Archives for category: trees

I was afraid I’d gotten a stick instead of a tree! But apparently all the tree wanted was two sunny, over-60° days in a row.

And sufficiently unto the day are the deer thereof, say I.

This is a round from the Norway Maple I cut down two years ago. I stacked it on the stump so I can put flowerpots on it. In the wet over the last few days, the bark came away from the trunk, to reveal….

What? Egg sacs? Cocoons? I don’t know! I’ll have to monitor them to see.

NOTE This is something else I would never have seen without the daily discipline of finding something to post from the iPad!

The Northern Catalpa has sweet scented big flowers, or so I read. It’s apparently also messy, and a “weed tree,” much like its competitor, the Norway Maple I’d love to girdle if and when this tree gets big enough!

I planted the Catalpa such that its shadow is thrown north onto the property next door. That doens’t matter, because they’re a business with a lawn, and never a garden.

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For a certain stratum of Maine society, Fedco tree pick-up day is practically a religious holiday, and Fedco is their Mecca. Lots of trucks in the field that served as the lot. My neighbor and I made it in early; above is the as yet unravished hazelnut section, with the trees tagged and planted, or rather embedded, in damp sawdust.

I wanted hazelnut trees as a small step toward an edible landscape, a polyculture; because hazelnuts, being smallish, do not steal sun or endanger the roof; because nuts pack a lot of nutrition; and because hazelnuts are cold hardy — even as the Gulf of Maine warms, the winter is still something to worry about.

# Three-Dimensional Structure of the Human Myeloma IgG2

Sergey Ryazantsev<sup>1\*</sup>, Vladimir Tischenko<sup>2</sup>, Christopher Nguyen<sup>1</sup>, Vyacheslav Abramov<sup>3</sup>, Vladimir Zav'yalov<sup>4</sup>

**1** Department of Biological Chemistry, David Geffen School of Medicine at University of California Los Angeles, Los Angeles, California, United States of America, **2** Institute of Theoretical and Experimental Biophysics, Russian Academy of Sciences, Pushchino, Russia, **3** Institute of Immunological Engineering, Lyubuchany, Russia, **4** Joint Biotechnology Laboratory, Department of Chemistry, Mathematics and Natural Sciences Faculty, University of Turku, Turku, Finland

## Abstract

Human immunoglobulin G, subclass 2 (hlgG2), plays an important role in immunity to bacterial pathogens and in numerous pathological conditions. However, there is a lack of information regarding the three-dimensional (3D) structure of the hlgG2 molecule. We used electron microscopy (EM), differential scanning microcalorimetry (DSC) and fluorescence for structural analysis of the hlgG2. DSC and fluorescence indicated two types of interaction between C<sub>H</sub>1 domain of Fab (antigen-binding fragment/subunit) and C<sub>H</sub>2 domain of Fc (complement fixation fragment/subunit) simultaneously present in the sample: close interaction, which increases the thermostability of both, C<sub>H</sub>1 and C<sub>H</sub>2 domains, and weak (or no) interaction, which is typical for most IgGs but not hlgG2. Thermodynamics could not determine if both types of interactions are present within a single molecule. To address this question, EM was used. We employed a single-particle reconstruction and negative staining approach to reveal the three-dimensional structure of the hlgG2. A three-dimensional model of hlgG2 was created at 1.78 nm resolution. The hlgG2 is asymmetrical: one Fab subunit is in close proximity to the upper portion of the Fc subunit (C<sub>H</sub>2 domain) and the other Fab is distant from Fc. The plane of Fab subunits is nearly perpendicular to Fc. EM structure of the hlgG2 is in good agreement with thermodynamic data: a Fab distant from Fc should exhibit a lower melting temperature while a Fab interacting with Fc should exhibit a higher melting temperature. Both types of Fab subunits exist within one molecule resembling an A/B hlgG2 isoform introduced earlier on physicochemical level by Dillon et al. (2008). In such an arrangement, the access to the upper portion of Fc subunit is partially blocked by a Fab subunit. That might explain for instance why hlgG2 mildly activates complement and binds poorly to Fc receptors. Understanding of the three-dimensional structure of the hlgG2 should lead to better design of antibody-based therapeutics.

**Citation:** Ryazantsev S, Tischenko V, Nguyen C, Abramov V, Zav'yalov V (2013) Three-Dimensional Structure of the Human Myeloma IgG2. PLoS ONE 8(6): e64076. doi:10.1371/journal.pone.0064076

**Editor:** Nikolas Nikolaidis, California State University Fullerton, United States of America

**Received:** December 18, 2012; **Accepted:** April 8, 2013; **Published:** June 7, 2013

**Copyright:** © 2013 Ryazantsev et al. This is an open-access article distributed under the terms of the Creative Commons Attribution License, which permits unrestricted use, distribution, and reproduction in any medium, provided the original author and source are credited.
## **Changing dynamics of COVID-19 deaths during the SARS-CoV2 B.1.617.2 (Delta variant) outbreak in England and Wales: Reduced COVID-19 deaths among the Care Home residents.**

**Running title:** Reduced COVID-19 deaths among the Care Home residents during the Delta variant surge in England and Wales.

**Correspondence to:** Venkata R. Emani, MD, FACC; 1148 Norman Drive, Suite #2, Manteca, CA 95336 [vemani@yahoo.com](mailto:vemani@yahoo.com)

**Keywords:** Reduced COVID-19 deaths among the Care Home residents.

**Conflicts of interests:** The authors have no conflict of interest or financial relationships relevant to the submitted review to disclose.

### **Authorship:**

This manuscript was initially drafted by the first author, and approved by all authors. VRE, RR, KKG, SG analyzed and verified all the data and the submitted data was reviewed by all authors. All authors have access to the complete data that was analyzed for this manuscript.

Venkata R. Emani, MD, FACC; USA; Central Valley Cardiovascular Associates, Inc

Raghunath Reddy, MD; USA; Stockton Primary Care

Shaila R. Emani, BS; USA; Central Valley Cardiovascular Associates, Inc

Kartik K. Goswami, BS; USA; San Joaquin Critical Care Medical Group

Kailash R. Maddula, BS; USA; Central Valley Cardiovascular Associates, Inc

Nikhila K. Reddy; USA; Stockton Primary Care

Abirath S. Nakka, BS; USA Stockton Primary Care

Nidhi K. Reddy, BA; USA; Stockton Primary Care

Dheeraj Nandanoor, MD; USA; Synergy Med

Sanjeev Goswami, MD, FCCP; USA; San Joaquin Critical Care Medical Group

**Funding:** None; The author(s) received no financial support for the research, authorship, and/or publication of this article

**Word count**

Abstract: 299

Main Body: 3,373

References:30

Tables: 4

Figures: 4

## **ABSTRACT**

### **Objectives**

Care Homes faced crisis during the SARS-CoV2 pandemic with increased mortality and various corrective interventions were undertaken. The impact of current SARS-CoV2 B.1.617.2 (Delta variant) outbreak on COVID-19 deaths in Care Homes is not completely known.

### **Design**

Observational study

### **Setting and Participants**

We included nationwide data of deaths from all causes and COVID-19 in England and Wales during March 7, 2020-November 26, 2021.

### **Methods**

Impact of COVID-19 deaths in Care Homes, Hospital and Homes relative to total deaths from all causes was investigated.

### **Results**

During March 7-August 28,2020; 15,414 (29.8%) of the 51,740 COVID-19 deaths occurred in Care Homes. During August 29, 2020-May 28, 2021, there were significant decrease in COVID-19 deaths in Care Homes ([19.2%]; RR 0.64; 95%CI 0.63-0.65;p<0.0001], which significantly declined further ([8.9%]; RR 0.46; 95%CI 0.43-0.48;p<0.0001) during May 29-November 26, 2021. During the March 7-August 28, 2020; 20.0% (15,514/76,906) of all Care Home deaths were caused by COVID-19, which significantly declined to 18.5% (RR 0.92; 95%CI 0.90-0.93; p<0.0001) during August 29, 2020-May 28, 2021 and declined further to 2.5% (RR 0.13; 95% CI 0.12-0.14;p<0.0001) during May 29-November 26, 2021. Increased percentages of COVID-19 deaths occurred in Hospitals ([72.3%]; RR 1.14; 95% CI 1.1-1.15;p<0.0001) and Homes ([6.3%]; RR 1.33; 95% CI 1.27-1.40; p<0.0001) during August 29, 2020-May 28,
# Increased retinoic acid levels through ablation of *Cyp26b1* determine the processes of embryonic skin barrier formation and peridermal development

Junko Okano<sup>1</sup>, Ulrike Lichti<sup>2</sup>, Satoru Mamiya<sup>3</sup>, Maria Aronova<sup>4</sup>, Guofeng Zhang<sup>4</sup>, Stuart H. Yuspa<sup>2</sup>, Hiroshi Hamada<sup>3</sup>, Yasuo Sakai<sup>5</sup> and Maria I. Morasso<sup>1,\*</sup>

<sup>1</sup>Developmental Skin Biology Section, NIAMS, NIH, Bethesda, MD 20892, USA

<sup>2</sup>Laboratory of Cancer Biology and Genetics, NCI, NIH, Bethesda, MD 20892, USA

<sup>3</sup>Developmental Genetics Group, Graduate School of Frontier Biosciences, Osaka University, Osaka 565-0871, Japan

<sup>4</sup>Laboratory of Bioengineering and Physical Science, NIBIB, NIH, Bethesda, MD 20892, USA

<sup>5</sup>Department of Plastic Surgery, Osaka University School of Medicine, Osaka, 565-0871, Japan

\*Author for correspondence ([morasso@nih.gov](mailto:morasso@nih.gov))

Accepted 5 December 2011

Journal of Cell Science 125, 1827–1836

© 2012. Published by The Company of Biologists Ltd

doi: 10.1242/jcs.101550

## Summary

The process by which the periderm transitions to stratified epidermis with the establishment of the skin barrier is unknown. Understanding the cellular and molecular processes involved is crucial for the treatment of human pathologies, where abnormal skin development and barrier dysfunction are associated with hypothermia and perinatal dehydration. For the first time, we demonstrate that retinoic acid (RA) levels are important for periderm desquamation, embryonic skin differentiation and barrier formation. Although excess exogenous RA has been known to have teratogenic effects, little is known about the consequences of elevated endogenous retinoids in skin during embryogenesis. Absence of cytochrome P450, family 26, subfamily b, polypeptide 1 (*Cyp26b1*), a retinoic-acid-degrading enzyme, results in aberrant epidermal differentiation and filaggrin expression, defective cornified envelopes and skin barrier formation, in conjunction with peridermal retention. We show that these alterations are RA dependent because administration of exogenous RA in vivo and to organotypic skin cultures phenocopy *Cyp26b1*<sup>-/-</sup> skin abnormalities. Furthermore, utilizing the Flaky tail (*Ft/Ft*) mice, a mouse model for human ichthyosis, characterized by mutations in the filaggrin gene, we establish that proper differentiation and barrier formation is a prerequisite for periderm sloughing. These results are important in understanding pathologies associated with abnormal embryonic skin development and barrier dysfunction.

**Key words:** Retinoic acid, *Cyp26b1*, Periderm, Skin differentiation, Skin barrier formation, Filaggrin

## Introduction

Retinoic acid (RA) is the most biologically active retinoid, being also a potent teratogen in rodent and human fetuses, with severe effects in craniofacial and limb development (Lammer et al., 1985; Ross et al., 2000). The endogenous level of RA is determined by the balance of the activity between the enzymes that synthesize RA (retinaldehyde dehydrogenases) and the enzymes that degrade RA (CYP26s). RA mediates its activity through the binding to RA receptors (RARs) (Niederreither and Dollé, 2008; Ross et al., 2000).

In another part of the warehouse, here are some people:

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Of course, planting trees does imply thinking more than a few months ahead…

Not my garden, I’m glad, at least so far as the light goes, to say. The squash on those mounds would be a lot happier if they weren’t spending half their lives in shadow!

I’ve been thinking ill of trees, lately. The trees that will steal light from that squash are the ubiquitous Norway Maples that were planted all over New England after Dutch Elm disease. Now, I can see vistas of tall, elegant trees in parks and in public spaces. But it’s hard for me to see a good reason to have messy, ugly, and disease-ridden Norway Maples anywhere. But it’s especially hard for me to see tall trees on property, exactly because of what the picture above shows. I need to read a book on lawns, but the ideal image at right seems to show the mindset at work. These trees were planted for the same bad reasons that lawns are.

I mean, come on. Where are the vegetables? The energy those trees take should go to food.

Our ideal for trees on the property would make more sense if the trees were short, so they didn’t steal so much light, and if they were edible: Fruits, or nuts. The exceptions would be trees that don’t shadow gardens; they would at least contribute leaves for banking and mulching. If you want a cool house, insulate, which you should be doing anyhow. A tall tree isn’t really fit for that purpose.

Every so often I still encounter something my father must have done around the property for the first time; the rope that prevents this branch from splitting off the lilac’s trunk is one such thing I only noticed today. That rope has been exerting its tension for fifteen years, at least.

Before the lilacs, the crocus, the forsythia, and then the iris.

And after the lilacs, the roses.

Not to anticipate.

Although the Norway Maple blesses us by shedding leaves that we can use to bank the house with, the Norway maple curses our soil with its gnarly roots, so close to the surface, and curses the property with the mess it makes: Here, a fallen branch taken down by the wind that followed after the snow storm.

And even the leaves are a mixed blessing: Mildew always spikes in my tomato patch after the Norway Maple leaves — hideously discolored with cancerous-looking black spots — begin to fall.

I cut one down; I should cut the other down!